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Voters want LEAP expansion as key campaign promise

BY: Kester Aburam Korankye

A study that surveyed the demands of citizens ahead of the 2020 general elections has found that most voters would like to see the expansion of the Livelihood Empowerment Against Poverty (LEAP) featured highly in the campaign promises of the political parties.


A report on the survey dubbed the Citizen’s Manifesto indicated that the expansion of the LEAP programme to cover all eligible beneficiaries was prominent in the views collated from the public on their expectations of political party manifestos.

The study was undertaken by SEND Ghana, a non-governmental organisation (NGO), about two months ago.

The report, however, noted that none of the two main parties, the opposition National Democratic Congress (NDC) and the governing New Patriotic Party (NPP) included the expansion of the programme in their manifestos.

It said they had either not mentioned the LEAP initiative in their manifestos or had done so scantly in the document that was expected to serve as the blueprint of their governance should they win power.
 

Details of proposal

Among other things, the Citizen's Manifesto detailed the demands and the recommendations of citizens and their expectations of what political parties should concern themselves with to be able to put together a manifesto that would resonate with the aspirations of the public.

The study recommended that the political parties had to commit to the expansion of the LEAP to capture all the eligible beneficiaries and also increase the financial support to the beneficiaries by 100 per cent.

“This could be done by a regular grant review process such that amounts are adjusted regularly in line with prevailing inflation rates. This will ensure that purchasing power of beneficiaries are not eroded,” the study said.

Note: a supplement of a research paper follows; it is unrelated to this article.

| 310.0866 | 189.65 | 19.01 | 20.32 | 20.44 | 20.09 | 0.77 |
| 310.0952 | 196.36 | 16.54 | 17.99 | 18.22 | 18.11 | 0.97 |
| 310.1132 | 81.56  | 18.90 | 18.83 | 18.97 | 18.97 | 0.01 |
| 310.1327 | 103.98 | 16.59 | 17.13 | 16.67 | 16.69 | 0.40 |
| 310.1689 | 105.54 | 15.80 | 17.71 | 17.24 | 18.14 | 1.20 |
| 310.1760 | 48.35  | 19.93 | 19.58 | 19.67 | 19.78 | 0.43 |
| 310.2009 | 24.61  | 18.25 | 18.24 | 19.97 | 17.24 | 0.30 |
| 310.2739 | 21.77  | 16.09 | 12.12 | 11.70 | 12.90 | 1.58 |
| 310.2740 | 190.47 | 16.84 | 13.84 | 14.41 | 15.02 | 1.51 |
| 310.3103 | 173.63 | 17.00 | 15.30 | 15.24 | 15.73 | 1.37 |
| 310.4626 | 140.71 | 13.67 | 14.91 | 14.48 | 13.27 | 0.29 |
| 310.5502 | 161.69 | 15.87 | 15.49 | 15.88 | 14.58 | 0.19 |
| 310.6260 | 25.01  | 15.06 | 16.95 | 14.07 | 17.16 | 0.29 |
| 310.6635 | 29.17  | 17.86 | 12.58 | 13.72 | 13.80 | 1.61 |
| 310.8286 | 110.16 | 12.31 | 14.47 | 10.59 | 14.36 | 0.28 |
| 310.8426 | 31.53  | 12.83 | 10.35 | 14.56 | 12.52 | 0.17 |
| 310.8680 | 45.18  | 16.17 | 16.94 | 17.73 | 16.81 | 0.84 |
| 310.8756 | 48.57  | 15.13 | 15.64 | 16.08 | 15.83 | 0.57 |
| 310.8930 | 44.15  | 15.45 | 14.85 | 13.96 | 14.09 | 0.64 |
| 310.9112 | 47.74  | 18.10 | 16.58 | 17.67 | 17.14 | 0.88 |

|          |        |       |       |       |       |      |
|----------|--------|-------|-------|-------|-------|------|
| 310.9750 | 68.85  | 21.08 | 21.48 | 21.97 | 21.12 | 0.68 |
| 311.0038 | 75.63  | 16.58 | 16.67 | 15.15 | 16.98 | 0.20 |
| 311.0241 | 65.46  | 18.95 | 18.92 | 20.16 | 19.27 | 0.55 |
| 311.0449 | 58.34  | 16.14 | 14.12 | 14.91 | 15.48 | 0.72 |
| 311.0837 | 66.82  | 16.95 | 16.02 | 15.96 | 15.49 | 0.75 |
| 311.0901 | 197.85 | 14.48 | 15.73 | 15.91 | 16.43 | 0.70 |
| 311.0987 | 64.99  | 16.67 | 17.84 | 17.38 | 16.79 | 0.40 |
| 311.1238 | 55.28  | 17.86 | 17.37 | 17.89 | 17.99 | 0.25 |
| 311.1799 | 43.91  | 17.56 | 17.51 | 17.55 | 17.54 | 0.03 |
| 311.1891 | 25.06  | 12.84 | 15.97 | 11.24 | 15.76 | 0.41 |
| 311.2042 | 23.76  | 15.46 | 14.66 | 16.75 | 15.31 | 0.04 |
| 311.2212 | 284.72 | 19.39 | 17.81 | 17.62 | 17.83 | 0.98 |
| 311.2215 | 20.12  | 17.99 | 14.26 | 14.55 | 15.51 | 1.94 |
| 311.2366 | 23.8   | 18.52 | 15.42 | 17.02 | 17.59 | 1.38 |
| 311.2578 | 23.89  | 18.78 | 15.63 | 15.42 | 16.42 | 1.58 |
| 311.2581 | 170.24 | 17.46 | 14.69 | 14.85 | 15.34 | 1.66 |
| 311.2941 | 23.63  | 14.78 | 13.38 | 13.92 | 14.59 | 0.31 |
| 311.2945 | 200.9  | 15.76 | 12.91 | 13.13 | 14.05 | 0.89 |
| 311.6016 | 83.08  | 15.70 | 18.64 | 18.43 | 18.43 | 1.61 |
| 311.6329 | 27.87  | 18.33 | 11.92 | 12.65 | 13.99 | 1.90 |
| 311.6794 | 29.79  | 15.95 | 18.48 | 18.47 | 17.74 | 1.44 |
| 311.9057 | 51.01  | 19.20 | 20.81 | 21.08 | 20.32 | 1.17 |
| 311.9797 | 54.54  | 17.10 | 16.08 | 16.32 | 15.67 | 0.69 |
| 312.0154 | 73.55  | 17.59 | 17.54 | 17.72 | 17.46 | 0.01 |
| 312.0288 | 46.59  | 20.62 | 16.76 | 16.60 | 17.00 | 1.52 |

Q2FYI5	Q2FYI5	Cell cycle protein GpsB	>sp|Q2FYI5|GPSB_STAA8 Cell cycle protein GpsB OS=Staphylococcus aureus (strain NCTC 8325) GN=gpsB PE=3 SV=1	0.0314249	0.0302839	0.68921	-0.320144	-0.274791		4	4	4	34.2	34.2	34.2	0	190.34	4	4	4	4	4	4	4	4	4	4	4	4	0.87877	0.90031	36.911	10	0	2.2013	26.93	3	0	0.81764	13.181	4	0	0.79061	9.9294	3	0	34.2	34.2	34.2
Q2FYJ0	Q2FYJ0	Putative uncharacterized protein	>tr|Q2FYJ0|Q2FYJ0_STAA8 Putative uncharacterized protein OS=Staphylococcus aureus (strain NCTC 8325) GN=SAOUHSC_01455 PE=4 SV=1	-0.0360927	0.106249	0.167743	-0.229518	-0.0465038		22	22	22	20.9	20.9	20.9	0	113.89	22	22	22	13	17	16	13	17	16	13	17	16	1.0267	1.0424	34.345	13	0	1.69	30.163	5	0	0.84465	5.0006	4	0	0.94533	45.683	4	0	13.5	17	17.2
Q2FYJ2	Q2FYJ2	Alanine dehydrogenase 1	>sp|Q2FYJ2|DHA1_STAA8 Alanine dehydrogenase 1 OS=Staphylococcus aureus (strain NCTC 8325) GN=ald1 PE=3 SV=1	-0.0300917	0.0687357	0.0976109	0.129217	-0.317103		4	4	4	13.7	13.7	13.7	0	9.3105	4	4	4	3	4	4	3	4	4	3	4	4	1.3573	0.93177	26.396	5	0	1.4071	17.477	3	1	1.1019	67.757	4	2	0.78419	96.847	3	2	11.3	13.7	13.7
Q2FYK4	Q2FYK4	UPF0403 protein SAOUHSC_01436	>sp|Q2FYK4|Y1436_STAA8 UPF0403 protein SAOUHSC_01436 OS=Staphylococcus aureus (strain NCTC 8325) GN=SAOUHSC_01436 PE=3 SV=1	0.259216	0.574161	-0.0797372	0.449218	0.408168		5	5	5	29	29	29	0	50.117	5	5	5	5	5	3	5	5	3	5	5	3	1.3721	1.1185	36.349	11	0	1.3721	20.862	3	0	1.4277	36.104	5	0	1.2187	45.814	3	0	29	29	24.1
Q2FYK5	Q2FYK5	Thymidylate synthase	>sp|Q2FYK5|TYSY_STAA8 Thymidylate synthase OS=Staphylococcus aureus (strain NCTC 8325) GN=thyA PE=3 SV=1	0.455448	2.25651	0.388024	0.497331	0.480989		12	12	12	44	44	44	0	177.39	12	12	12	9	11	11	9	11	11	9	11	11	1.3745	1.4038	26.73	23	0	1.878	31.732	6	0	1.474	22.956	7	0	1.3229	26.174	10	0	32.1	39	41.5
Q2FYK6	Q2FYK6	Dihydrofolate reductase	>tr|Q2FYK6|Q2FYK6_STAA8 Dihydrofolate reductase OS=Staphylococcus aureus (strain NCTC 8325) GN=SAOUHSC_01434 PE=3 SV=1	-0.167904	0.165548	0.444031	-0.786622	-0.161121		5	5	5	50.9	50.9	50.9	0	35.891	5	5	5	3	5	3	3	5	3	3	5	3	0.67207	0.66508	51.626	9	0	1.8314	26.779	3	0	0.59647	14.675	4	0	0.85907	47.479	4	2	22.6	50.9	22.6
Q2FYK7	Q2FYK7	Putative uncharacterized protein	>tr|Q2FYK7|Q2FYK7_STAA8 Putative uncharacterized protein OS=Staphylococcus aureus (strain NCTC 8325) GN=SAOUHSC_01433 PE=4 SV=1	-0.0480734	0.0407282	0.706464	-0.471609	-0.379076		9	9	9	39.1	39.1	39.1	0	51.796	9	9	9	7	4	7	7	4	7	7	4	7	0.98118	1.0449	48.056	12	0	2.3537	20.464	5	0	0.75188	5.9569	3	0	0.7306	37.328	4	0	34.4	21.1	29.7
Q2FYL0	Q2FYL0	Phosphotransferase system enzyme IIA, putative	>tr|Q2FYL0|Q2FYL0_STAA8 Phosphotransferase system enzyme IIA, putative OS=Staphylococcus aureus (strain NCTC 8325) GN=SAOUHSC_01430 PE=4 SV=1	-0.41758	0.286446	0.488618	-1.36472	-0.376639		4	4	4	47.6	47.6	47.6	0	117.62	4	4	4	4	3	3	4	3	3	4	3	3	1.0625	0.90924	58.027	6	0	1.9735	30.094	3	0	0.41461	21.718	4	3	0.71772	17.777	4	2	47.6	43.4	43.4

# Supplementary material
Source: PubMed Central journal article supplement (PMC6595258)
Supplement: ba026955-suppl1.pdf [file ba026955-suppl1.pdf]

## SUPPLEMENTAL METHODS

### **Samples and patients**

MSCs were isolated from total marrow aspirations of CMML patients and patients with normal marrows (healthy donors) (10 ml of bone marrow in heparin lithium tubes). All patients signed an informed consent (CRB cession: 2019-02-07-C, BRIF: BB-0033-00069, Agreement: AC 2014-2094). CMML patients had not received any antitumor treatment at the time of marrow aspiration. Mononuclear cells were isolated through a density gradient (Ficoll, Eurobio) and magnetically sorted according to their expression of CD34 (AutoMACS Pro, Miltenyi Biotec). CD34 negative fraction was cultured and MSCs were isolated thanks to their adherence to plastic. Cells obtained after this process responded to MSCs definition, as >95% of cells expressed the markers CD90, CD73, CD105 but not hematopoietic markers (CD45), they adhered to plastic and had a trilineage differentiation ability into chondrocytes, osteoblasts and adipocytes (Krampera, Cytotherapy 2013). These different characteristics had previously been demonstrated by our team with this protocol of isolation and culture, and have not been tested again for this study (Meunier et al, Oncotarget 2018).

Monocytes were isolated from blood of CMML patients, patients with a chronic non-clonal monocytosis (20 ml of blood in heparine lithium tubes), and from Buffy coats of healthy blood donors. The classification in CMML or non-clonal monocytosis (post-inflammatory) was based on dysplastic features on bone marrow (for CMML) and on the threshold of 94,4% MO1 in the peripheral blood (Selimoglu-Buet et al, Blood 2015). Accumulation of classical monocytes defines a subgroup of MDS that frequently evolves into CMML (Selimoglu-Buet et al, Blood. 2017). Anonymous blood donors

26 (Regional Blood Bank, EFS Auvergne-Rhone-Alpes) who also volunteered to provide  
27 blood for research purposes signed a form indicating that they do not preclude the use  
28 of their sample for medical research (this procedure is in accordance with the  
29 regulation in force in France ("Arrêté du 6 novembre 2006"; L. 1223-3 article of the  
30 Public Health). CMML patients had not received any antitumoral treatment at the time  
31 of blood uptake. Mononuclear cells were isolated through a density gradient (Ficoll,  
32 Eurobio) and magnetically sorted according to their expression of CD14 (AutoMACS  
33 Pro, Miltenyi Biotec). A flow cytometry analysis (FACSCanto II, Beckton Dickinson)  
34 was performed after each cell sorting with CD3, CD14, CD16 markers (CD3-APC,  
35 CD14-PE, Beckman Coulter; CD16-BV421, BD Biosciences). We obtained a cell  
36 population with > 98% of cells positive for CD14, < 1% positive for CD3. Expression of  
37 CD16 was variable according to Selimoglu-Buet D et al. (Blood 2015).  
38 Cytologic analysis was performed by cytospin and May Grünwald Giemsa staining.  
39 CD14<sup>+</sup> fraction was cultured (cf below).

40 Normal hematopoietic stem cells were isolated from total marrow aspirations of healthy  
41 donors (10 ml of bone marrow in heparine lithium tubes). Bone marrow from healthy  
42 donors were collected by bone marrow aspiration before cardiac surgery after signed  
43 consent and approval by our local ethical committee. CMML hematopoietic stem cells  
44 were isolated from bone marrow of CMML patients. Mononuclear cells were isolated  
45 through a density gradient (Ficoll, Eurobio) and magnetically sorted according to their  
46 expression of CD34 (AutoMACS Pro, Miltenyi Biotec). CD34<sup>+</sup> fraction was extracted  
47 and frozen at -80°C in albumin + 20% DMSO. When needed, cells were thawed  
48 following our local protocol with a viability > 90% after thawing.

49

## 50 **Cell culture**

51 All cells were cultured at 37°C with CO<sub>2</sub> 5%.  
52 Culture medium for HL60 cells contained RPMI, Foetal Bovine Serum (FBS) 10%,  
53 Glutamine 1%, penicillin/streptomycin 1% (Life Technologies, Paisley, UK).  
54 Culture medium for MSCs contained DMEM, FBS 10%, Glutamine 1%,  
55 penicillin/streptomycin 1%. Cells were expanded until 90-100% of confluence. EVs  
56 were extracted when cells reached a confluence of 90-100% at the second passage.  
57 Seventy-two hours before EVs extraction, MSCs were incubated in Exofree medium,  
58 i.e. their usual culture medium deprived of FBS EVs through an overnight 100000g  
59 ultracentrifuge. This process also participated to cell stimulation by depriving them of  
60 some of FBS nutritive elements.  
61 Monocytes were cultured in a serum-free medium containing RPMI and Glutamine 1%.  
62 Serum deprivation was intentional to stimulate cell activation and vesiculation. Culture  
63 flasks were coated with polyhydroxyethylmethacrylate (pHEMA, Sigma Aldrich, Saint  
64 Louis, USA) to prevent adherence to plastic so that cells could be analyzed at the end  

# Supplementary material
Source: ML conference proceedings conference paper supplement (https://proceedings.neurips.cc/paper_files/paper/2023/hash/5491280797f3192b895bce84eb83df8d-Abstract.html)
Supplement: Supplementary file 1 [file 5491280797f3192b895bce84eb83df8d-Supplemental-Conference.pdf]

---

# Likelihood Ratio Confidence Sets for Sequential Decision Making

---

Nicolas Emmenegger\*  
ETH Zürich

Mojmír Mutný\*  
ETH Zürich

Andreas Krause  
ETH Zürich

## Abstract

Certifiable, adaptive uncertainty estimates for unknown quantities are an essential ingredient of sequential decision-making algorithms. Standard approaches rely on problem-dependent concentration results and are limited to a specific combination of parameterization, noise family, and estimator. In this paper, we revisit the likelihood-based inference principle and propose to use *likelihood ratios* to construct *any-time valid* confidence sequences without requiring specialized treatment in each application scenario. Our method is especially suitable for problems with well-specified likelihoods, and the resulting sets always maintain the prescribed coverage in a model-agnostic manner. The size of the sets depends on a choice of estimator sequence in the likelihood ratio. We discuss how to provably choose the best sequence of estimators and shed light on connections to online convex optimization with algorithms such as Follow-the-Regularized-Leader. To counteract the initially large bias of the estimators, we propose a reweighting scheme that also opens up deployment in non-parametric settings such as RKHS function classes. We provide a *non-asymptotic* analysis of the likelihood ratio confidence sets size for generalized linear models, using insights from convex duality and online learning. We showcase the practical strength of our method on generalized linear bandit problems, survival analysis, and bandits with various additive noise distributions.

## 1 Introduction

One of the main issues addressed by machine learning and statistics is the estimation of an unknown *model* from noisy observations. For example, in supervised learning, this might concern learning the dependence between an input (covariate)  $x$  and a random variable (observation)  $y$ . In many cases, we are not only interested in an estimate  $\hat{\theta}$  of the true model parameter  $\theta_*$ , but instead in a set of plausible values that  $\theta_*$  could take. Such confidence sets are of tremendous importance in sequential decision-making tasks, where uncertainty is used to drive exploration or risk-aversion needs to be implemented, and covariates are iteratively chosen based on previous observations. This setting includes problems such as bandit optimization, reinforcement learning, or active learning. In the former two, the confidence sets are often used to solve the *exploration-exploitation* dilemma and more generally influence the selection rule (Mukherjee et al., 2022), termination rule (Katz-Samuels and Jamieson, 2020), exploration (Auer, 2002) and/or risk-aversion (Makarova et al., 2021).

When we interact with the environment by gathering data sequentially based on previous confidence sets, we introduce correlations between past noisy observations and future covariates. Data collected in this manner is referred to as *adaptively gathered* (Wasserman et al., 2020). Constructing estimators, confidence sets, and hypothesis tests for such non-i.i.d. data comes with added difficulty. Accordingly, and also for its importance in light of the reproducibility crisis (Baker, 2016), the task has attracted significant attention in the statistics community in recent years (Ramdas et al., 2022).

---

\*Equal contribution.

The SEND Ghana study said respondents expected the the winner of the polls to take into consideration the household size of the beneficiaries to determine the grant amount to be given to them.

Respondents also demanded the introduction of complementary services to capture other needs of beneficiaries such as school uniforms, free textbooks among others, it added.

Status of LEAP.

The LEAP initiative involves the disbursement of grants to individuals and households living under extreme poverty.

It has been running since 2008 and currently caters for about 334,084 households across nationwide.

Presently, there are about 750,000 eligible Ghanaians on the waiting list of programme aside the 1.4 million beneficiaries seeking the improvement of the intervention which has now become the lifeline for some families in extremely poor areas.

Party's position

When contacted, the National Communications Officer of the NDC, Mr Samuel Gyamfi told the Daily Graphic in an interview that the party's manifesto was created from the views of the ordinary Ghanaian and reflected their true aspirations.

My Gyamfi said the party’s 2020 manifesto promised to “establish an Emergency Response LEAP Grant Programme” which he said would address the concerns of the people surveyed infor the Citizen's Manifesto report.

On the other hand, the NPP 2020 manifesto was silent on the LEAP programme as there was no promise captured in the document that spoke directly to the intervention.

In an interview with the Daily Graphic, the Director of Communications of the NPP, Mr Yaw Buabeng Asamoah, said the LEAP programme was not captured in the NPP 2020 manifesto because “it’s still running”.

He said the programme was already being improved by the government and, therefore, the was no need to capture it again in the manifesto as a campaign promise.

“We are already implementing it and the Gender Ministry is responsible for that so we will not make it a campaign promise. It is a government programme,” he said.

Beneficiaries

The payment structure of the programme was designed in a way that discouraged beneficiaries from being adamant in pursuing alternative sources of income.

Proponents of the initiative say LEAP was calibrated in a way that doesn’t make the cash transfers look like a wage but rather an aid to cushion beneficiaries, while they find better ways of sustaining themselves.